The root of my anxiety, and what I veer away from writing and/or thinking about usually, is what happens when one becomes malleable, to a fault. What if my desire to give everyone, everything, every experience a chance, has turned my moral compass to mush, my opinions on the world to laughably flexible letters pieced into shamefully uninfluential words? There’s a very real fear that what once seemed blindingly beautiful to me (my newfound ability to see the world, and mainly the people I love, for what they are (read: grey) instead of what I want them to be (read: black or white)) has now morphed into something that simply blinds me. Justifies my apathy (“That sucks, but I’m sure there’s another explanation for it”) and sometimes my impetus (“What could I ever do? Things are meant to be complicated, messed up. Time might be better spent watching Game of Thrones”).
A couple days ago this realization punched me in the face, spurring these dangerously verbose and introspective words. I was forced to view someone I had previously understood as my personal definition of ‘good’ as the perpetrator of a crime that, even in my developed sense of the incredible greyness of being, I thought I understood as unforgivable. What happens when a person who means everything good to you, does a thing that represents everything bad to you? I realized this person, these people, whom you care for and respect more than most, are in the perfect position to challenge (read: tear down) the small handful of hard earned values that you’ve painstakingly built up. The scariest part? I have become so malleable that I found myself willing to throw away this small handful (but a painfully labored over portion of my identity) in order to make room for the surprisingly greyer than expected quality of someone who I really love and value. I only noticed this naive willingness when confronted by the response of my baby brother, who is actually, endearingly, very similar to the aforementioned “pre grey” me. As I tried to draw out for him the complexity of the situation, I secretly envied his stubborn, strong understanding. It was a sword against the flimsily kind, almost pathetic, ‘apathy towards crime, empathy towards perpetrator’ stance I tried to defend. I sat there wondering how disappointed in me Stabler and Benson would’ve been.
The question begged itself: How much am I willing to excuse for those I love? And why am I only now creating this threshold for myself? The reason I feel it’s so important to establish one of these is twofold: 1) Loving someone unconditionally can often be a recipe for absolute negligence of your own values. One of my favorite writers puts it well: “In short, love makes forgiving become cake, and not forgiving become exercise”. My (temporary, cracked, discovered not without the help of others’ advice) solution: Decide beforehand what the lines are, for everyone. Then stick to these boundaries, for your own sake and for the sake of those around you. Which brings me to the second and most terrifying fold. 2) If you’re in the business of running around making any and all concessions for those you love most, can you fault people for, or expect them not to, do the same for their respective exceptions?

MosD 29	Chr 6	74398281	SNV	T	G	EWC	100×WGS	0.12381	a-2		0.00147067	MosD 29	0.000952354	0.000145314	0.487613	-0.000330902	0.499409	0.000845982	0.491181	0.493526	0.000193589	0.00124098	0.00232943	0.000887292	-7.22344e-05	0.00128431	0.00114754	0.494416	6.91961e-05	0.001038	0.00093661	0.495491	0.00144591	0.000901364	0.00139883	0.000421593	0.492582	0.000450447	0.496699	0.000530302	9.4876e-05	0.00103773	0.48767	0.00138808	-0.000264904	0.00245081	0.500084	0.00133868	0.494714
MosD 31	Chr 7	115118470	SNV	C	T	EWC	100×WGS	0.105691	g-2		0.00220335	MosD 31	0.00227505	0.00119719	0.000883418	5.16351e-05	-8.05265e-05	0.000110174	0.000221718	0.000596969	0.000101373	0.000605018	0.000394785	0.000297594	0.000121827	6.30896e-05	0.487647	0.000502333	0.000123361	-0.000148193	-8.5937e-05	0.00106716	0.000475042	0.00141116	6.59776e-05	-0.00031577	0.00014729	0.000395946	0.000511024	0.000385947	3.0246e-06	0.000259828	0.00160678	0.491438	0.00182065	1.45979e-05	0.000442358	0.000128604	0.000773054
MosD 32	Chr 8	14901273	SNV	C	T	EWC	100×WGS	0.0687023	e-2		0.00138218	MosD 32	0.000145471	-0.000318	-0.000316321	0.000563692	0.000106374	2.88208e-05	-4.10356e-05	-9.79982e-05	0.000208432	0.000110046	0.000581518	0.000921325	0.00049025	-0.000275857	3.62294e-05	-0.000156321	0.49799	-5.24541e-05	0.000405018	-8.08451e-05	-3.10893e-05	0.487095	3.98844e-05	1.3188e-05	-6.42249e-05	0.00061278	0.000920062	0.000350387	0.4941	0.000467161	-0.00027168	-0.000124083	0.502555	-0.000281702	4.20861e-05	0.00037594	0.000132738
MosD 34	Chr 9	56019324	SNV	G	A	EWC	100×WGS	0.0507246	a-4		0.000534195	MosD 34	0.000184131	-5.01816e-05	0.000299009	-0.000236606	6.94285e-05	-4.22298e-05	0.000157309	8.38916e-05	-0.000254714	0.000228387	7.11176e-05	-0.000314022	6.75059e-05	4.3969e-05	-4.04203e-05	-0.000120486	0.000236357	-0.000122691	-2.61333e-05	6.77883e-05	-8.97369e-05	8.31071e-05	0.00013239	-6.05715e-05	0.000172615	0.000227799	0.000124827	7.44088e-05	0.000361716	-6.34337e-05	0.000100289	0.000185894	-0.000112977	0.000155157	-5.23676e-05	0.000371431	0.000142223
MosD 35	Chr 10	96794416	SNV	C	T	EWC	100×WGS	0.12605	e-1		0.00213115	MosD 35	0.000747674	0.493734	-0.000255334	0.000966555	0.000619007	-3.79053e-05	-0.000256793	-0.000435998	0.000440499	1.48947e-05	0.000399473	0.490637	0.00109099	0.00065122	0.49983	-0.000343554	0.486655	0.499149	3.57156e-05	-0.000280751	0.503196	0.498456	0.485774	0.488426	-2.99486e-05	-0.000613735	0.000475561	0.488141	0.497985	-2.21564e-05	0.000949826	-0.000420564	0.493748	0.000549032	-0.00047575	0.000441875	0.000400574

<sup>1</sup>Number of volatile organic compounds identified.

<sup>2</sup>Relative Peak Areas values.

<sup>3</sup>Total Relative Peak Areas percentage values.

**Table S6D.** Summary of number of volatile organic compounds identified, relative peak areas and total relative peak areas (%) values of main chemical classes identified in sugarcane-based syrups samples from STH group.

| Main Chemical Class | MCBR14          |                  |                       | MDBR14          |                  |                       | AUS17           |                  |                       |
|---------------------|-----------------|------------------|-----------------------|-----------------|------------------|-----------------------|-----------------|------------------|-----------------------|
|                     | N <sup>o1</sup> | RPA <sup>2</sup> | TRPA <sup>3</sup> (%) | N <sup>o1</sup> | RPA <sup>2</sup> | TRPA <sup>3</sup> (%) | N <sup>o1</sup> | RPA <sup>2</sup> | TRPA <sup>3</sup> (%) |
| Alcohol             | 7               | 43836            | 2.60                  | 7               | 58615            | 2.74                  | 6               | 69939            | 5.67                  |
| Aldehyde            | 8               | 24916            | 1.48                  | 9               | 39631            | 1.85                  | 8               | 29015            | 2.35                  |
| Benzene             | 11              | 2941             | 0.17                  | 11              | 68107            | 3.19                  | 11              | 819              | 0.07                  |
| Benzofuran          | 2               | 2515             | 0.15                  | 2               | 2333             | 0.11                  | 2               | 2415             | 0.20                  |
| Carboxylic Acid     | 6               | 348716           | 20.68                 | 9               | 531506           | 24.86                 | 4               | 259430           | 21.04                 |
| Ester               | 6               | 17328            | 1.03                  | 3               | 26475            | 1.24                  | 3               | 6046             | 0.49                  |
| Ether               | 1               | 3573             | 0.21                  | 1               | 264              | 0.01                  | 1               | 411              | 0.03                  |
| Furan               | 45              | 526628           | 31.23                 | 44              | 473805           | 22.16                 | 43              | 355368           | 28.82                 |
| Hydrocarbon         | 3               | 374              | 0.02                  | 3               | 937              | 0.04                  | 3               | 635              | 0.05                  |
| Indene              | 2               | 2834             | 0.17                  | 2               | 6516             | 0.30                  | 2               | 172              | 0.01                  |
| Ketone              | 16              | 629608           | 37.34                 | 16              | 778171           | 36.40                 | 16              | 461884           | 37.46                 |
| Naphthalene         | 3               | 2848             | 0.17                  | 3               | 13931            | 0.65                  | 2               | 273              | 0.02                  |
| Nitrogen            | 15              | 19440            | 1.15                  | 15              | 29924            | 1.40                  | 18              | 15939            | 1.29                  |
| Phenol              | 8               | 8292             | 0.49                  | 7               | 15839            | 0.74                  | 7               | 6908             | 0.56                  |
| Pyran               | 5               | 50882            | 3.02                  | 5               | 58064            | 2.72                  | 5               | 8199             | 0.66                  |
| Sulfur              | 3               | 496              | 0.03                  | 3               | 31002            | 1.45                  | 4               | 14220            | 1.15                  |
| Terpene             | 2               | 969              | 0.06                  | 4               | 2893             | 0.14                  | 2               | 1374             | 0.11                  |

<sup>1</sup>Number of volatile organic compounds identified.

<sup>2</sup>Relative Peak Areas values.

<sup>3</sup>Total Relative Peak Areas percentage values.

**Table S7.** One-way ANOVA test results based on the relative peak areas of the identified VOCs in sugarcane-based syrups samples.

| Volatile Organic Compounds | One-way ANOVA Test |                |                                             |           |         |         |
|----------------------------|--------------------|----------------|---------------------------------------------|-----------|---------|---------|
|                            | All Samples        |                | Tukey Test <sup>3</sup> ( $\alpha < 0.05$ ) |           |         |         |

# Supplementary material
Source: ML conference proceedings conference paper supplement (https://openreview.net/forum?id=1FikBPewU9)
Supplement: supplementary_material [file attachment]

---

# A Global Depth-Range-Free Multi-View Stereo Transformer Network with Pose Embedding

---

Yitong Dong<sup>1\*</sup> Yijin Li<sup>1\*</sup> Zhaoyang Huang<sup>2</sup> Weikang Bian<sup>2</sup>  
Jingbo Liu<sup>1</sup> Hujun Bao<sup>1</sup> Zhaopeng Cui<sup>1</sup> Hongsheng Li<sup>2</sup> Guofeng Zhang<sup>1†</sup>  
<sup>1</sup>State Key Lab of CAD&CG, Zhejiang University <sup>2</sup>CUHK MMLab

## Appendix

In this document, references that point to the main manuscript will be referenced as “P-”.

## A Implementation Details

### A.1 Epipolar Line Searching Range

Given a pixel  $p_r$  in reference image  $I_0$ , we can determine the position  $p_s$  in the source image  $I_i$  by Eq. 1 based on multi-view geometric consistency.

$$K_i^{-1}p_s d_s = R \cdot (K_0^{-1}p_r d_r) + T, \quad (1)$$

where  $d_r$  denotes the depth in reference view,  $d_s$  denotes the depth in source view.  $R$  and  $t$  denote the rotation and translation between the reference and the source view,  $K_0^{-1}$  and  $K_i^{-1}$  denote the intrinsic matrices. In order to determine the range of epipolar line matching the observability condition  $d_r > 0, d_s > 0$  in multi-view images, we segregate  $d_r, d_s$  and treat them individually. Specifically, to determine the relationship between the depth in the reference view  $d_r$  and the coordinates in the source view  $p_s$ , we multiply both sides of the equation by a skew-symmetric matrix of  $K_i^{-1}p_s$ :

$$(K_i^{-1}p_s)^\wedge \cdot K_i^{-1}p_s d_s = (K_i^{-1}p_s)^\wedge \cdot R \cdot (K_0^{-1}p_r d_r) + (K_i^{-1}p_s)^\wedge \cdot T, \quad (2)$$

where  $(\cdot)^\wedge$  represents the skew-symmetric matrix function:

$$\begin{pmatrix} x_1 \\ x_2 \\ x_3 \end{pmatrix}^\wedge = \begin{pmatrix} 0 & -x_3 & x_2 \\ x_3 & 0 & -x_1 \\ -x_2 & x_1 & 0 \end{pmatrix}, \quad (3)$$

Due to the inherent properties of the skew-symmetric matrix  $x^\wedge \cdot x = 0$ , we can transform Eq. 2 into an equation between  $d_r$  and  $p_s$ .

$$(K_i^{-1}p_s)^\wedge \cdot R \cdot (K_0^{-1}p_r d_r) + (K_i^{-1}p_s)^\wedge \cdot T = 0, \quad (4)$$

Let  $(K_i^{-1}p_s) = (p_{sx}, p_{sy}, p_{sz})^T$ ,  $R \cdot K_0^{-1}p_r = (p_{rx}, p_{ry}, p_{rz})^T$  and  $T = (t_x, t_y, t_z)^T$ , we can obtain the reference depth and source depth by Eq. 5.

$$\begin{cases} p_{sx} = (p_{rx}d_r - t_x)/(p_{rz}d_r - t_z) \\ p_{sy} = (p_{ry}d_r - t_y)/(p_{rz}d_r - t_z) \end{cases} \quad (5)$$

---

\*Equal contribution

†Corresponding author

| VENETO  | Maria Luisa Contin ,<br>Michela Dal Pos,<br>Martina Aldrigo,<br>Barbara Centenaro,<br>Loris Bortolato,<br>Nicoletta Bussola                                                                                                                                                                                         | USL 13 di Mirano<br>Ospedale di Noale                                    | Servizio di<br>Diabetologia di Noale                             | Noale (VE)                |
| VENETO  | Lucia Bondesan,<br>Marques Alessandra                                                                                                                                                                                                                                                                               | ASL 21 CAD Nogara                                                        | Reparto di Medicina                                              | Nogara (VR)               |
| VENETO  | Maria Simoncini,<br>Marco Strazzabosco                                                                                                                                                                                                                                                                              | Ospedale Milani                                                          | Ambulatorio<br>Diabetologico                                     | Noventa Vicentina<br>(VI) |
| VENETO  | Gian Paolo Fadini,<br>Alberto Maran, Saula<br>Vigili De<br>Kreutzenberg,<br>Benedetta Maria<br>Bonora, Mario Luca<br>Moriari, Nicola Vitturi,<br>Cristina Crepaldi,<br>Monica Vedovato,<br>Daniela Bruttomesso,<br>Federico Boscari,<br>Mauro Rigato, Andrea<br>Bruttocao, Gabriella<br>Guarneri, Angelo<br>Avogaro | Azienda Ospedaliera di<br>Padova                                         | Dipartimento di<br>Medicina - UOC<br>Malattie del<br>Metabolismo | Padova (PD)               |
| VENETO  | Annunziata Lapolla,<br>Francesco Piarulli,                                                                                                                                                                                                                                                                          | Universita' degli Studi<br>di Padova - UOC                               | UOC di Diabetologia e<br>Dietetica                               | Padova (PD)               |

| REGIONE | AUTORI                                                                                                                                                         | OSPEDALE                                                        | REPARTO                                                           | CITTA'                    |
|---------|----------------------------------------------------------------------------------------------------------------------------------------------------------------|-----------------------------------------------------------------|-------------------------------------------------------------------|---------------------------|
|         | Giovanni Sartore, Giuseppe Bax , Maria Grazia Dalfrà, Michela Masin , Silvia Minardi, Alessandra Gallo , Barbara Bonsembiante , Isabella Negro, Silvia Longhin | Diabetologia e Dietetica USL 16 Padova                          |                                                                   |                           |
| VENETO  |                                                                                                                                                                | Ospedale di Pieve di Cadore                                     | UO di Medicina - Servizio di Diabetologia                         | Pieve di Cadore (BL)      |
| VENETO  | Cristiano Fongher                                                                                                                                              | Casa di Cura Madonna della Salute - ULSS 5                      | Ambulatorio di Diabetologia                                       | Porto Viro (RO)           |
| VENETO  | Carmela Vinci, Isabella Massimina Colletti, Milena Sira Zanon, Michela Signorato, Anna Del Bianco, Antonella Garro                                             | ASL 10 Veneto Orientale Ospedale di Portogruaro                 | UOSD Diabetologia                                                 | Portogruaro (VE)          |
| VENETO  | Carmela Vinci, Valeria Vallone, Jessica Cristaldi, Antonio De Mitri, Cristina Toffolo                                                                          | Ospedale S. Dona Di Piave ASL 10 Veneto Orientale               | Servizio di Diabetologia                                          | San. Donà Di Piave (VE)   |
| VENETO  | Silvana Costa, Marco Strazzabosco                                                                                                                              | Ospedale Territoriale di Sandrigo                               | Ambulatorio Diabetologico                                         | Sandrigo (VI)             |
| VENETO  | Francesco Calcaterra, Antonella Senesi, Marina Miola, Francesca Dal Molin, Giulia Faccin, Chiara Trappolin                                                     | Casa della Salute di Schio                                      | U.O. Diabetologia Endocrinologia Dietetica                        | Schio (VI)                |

And then shit really gets messy. Because if you think about it long and hard enough, it’ll strike you that most (I’d like to say arguably all) individuals in the world have at least one person who loves them unconditionally (enough), without explanation, and with willing inattention to even their worst crimes. And maybe that’s fine and okay when it comes to a crime that touches a nuclear family, a romantic relationship, or a close group of friends. But what about when this crime affects masses of individuals, innocent communities, the whole world? Of course the greyness of these more macroscopic acts is less acceptable, is often branded as black very quickly (and I’d hardly argue). But there’s a sour taste of hypocrisy beneath these hypothetical constructions, and I at least want to hope that those doing the branding are individuals who’ve already established their own personal moral thresholds for what can be grey and what should remained two-toned.
I imagine someone deciding that the crime committed by he or she that I hold in the highest (even if illogical) regard, for whom I’d sacrifice unspeakable amounts, is actually unforgivable; and I cringe. Think about a situation, that person, for you. I won’t write words that might come (not even) close to explaining the myriad emotions, but I hope the internal conflict gains clarity for others in that consideration and in that light.
Although my moral identity may seem inconsequential, I’d guess this problem with which I struggle may not be an entirely singular experience. What’s more, it exists in a harshly mutated reality. Shootings, like that of the Newtown elementary school, or rampant rape, like that which occurs in the DRC or recently protested against in New Delhi are today less rare than they are (what we could very horrifyingly refer to as) normal.  No excuse can be made for these things. And in that perspective, I see it as my responsibility to tame my own often unquenchable tendency towards an okayness with prescribing things as afflicted by greyness. Selfishly as a duty to myself, but perhaps also as one to the trajectory of my generation. In understanding when it might be important to digest things, people, and experiences (both personal, (the hardest); and those at large, (hypocritically the easiest)) as black or white, instead of as grey, I might be more apt to make sense of and attempt to affect change in a world that is in some ways, very broken.
Like I said, it takes time. And the mystery of the grey matter that holds together many of my closest relationships, but also tortures and challenges my view on the world daily, is one only solved through experience. Experience of which as a ripe 21 year old I admit to having very little (you got me!). Until I can get back to you in a couple of years, I’ll be pairing these ruminations with less painful and less complex, but similarly grueling, questions. Seriously, why are they not feeding you, Smelly Cat?
Alex is a senior studying International Relations and one of the blog editors for STATIC.